Folks who wait until right before school starts — or even after it starts — tend to get the best deals, Liebmann says. Kids who wait have a leg up on trends by eyeing what others are wearing before they shop, Cohen says.
3. Live by lists.
Bring along — and stick to — your shopping list. Some folks prefer old-fashioned lists on paper, while others download special back-to-school shopping apps. The main purpose of bringing the list, Zandl says, is to help shoppers focus on needs — not wants.
Many retailers have checklists available on their websites. Some are even broken out by grade, Shay says. Some checklists have hyperlinks, giving families the option of shopping directly from retailer websites.
Using a list is "the only way to manage spending, be productive and not let the kids tempt you," Lippmann says.
4. Bring your smartphone.
"Mobile is a secret comparison-shopping weapon," says Rebecca Lieb, a digital marketing consultant. With smartphones in hand, she says, "Consumers are armed and dangerous." By scanning product bar codes or QR codes (those square patterns that can be read by smartphones), shoppers can learn a lot more about products on the shelf — including product reviews and even competitive price information.
Consumers also can sign up for text alerts from most retailers, Shay says, and receive instant coupons to use in the store. Shoppers also can download shopping apps on their phones or tablets that will pull information about their location — and shopping history — and can spit out relevant coupons.
5. Seek new value.
The best deals aren't always just about the lowest price, Cohen says. Some find new "bundling" offers alluring. Microsoft bundles a free Xbox with the purchase of a computer. Apple offers $100 gift cards for Apple products with laptop purchases. And Best Buy bundles Geek Squad service with certain laptop purchases, he says.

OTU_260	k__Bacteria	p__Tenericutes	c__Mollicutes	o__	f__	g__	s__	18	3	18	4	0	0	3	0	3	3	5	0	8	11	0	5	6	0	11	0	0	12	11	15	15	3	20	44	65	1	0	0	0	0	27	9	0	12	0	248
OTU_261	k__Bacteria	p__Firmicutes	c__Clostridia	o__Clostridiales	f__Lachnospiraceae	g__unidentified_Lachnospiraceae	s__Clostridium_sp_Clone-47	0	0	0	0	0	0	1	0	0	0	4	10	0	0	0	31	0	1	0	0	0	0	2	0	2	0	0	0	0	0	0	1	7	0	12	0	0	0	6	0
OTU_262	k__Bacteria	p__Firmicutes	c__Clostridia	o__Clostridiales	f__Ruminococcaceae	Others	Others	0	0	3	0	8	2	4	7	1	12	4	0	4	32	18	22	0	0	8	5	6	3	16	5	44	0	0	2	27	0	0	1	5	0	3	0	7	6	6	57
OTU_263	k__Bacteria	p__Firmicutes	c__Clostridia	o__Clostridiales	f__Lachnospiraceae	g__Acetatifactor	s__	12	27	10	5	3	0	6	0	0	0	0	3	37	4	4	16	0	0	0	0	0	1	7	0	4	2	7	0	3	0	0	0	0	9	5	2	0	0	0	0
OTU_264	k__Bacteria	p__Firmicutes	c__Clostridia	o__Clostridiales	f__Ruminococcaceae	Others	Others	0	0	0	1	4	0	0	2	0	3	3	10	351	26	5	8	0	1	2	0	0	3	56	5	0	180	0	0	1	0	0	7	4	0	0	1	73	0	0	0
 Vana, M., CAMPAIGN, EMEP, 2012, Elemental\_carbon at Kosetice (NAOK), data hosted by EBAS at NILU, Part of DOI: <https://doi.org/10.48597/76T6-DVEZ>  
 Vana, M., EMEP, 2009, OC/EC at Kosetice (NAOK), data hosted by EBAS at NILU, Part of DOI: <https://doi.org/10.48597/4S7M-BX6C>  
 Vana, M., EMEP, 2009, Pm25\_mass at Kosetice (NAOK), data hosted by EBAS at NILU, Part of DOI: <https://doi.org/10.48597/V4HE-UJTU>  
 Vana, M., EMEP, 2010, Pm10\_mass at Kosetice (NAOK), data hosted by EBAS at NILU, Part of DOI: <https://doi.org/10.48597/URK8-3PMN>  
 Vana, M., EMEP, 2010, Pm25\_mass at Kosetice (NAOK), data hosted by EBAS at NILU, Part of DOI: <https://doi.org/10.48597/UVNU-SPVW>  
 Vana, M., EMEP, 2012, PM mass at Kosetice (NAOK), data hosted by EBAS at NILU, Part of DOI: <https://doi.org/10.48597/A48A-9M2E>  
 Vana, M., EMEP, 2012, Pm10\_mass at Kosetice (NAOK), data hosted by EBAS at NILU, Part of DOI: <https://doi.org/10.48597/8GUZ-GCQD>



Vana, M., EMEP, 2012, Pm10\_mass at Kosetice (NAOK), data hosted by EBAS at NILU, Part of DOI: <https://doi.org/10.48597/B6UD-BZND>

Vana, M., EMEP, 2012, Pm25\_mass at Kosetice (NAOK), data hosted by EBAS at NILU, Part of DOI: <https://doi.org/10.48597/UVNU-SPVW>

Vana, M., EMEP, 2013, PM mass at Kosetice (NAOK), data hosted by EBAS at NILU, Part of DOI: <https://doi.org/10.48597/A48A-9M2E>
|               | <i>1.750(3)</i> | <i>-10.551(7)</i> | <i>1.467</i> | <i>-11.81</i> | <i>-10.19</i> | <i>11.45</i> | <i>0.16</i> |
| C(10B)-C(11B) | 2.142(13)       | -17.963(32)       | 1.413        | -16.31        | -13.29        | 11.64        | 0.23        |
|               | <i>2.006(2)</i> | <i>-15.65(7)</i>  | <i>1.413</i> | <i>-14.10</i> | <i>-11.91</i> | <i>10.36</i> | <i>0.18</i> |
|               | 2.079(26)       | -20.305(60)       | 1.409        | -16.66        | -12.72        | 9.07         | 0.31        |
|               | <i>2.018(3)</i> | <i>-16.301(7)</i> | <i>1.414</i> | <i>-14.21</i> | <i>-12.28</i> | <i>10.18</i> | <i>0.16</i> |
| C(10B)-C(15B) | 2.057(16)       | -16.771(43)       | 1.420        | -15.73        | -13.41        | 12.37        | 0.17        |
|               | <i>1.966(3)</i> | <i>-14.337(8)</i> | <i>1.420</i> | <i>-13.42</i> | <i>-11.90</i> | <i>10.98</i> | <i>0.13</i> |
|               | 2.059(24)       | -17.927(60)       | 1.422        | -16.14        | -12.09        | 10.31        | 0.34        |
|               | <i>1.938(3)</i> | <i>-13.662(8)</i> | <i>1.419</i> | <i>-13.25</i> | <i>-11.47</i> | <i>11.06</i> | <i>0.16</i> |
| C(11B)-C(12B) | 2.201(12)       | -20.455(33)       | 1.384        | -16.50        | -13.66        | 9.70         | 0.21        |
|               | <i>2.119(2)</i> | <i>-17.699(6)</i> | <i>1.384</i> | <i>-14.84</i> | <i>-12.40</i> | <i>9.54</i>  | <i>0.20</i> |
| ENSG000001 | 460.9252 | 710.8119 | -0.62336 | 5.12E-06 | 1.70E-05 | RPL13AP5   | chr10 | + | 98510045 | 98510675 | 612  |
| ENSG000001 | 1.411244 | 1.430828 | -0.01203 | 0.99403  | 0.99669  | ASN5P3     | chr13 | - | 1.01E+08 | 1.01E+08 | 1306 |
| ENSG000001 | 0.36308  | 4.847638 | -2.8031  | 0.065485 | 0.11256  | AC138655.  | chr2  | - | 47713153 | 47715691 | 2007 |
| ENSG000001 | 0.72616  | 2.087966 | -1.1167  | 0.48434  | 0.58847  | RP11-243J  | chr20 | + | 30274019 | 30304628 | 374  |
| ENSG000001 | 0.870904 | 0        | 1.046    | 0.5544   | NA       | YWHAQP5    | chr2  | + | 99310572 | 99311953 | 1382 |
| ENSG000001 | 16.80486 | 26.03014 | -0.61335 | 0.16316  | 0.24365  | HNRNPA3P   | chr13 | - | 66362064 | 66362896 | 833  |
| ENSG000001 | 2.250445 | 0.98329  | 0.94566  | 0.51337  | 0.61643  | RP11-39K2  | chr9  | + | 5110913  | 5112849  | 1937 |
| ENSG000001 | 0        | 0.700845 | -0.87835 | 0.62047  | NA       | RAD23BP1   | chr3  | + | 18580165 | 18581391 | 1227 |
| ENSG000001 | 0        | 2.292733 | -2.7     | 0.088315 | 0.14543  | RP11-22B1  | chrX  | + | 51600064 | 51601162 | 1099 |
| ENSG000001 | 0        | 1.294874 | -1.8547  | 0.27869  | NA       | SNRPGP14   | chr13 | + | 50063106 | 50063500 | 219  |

"Bundling ensures that parents get the best bang for the buck," Shay says.
6. Sell the old — or reuse.
By using outlets such as eBay, high-schoolers and college students can sell older items to help fund this year's back-to-school purchases, suggests trend-tracker Marian Salzman, president of Euro RSCG Worldwide PR. This way, she says, 2011-12's new school duds and supplies will be "funded on last year's must-have items."
Many are simply reusing the old. "It's not going to be as easy to talk Mom or Dad into things this year — unless last year's backpack has a broken strap, you'll be bringing it to school this year, too," Shay says.
7. Shop unconventionally.
The best back-to-school shopping deals are not always found at conventional retailers, Liebmann says. "Some of the best deals and great surprises are in the oddest places," she advises. She suggests dollar stores for T-shirts and socks; drugstores for deals on snacks, and so-called flash sales (time-limited, steep online discounts) for clothing and beauty supplies.